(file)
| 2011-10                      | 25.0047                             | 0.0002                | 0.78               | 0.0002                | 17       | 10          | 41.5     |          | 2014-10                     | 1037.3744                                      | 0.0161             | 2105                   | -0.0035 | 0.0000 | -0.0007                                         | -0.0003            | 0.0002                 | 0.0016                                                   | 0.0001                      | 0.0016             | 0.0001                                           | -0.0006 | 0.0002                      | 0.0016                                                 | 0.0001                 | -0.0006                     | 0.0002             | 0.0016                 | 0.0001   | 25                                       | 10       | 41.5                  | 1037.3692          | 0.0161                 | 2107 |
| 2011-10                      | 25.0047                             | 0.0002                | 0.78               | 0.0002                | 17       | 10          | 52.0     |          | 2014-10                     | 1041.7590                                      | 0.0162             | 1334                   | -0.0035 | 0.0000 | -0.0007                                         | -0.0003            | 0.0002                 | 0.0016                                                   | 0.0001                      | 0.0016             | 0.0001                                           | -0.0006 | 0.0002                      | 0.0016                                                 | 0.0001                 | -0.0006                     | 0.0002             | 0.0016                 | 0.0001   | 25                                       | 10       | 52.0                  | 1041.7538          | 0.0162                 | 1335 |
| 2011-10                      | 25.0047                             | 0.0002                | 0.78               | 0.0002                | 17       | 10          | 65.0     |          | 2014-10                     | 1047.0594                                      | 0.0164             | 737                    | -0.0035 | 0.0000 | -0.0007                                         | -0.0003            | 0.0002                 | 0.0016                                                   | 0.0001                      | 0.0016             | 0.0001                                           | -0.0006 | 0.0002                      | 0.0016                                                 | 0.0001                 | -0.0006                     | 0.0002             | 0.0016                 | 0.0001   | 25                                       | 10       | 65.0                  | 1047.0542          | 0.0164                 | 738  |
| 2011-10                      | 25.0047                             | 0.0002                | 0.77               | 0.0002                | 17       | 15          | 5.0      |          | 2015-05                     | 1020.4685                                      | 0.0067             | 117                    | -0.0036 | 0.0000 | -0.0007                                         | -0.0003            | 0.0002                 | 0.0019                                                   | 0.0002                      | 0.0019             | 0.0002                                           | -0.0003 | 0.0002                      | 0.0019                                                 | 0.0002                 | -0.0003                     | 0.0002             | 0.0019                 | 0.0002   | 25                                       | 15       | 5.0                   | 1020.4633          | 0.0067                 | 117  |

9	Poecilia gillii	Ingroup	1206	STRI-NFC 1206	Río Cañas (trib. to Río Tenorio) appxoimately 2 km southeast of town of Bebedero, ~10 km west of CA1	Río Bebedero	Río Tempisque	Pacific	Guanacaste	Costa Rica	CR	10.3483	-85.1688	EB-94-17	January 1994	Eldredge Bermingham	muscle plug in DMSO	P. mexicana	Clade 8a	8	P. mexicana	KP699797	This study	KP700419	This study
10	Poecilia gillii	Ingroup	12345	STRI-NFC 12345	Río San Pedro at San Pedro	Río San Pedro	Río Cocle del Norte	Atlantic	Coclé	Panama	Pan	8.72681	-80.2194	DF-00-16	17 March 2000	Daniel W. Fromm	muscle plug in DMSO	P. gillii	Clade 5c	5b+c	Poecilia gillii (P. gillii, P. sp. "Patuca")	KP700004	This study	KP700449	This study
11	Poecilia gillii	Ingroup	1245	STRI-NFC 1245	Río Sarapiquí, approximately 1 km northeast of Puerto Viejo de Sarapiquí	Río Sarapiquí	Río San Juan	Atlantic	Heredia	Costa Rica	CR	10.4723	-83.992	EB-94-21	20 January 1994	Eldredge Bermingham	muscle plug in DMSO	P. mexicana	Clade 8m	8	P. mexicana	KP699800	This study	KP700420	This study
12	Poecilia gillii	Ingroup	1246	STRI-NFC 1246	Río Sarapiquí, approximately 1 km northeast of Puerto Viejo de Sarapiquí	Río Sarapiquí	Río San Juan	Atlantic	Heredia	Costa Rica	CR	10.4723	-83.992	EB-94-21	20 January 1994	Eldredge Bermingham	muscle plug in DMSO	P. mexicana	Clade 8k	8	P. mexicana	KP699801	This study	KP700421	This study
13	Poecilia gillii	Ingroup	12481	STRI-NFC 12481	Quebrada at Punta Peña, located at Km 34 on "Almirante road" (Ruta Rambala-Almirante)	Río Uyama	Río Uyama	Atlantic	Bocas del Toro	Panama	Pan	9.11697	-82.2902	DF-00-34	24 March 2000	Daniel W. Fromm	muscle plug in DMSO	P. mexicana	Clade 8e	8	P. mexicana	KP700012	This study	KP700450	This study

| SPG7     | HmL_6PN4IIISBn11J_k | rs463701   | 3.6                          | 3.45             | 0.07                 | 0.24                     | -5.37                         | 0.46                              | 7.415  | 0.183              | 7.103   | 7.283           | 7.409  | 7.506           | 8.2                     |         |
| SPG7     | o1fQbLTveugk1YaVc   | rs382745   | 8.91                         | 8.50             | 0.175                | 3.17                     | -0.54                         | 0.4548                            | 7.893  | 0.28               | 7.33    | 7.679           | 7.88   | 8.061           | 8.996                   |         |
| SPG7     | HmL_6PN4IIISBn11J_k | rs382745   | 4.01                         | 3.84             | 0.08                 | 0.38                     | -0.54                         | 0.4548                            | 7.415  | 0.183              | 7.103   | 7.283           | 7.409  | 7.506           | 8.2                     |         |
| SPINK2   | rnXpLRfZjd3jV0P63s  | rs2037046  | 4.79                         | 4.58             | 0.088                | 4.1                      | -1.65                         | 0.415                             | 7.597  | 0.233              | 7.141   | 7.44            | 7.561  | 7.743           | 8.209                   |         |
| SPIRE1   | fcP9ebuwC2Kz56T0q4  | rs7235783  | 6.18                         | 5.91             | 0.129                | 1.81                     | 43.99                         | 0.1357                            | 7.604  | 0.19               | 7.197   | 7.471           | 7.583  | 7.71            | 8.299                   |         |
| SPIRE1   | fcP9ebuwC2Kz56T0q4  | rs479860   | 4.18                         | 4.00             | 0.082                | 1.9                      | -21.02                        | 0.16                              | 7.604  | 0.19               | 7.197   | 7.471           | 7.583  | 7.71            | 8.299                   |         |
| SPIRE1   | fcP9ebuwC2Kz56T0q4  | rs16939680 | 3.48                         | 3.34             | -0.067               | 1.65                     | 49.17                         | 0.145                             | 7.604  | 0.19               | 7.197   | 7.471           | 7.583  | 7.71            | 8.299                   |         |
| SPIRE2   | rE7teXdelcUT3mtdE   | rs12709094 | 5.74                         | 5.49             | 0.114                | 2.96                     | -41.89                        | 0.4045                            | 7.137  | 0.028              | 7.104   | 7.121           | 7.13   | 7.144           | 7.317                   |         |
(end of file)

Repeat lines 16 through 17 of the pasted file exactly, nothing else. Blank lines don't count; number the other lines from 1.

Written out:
| SPIRE1   | fcP9ebuwC2Kz56T0q4  | rs16939680 | 3.48                         | 3.34             | -0.067               | 1.65                     | 49.17                         | 0.145                             | 7.604  | 0.19               | 7.197   | 7.471           | 7.583  | 7.71            | 8.299                   |         |
| SPIRE2   | rE7teXdelcUT3mtdE   | rs12709094 | 5.74                         | 5.49             | 0.114                | 2.96                     | -41.89                        | 0.4045                            | 7.137  | 0.028              | 7.104   | 7.121           | 7.13   | 7.144           | 7.317                   |         |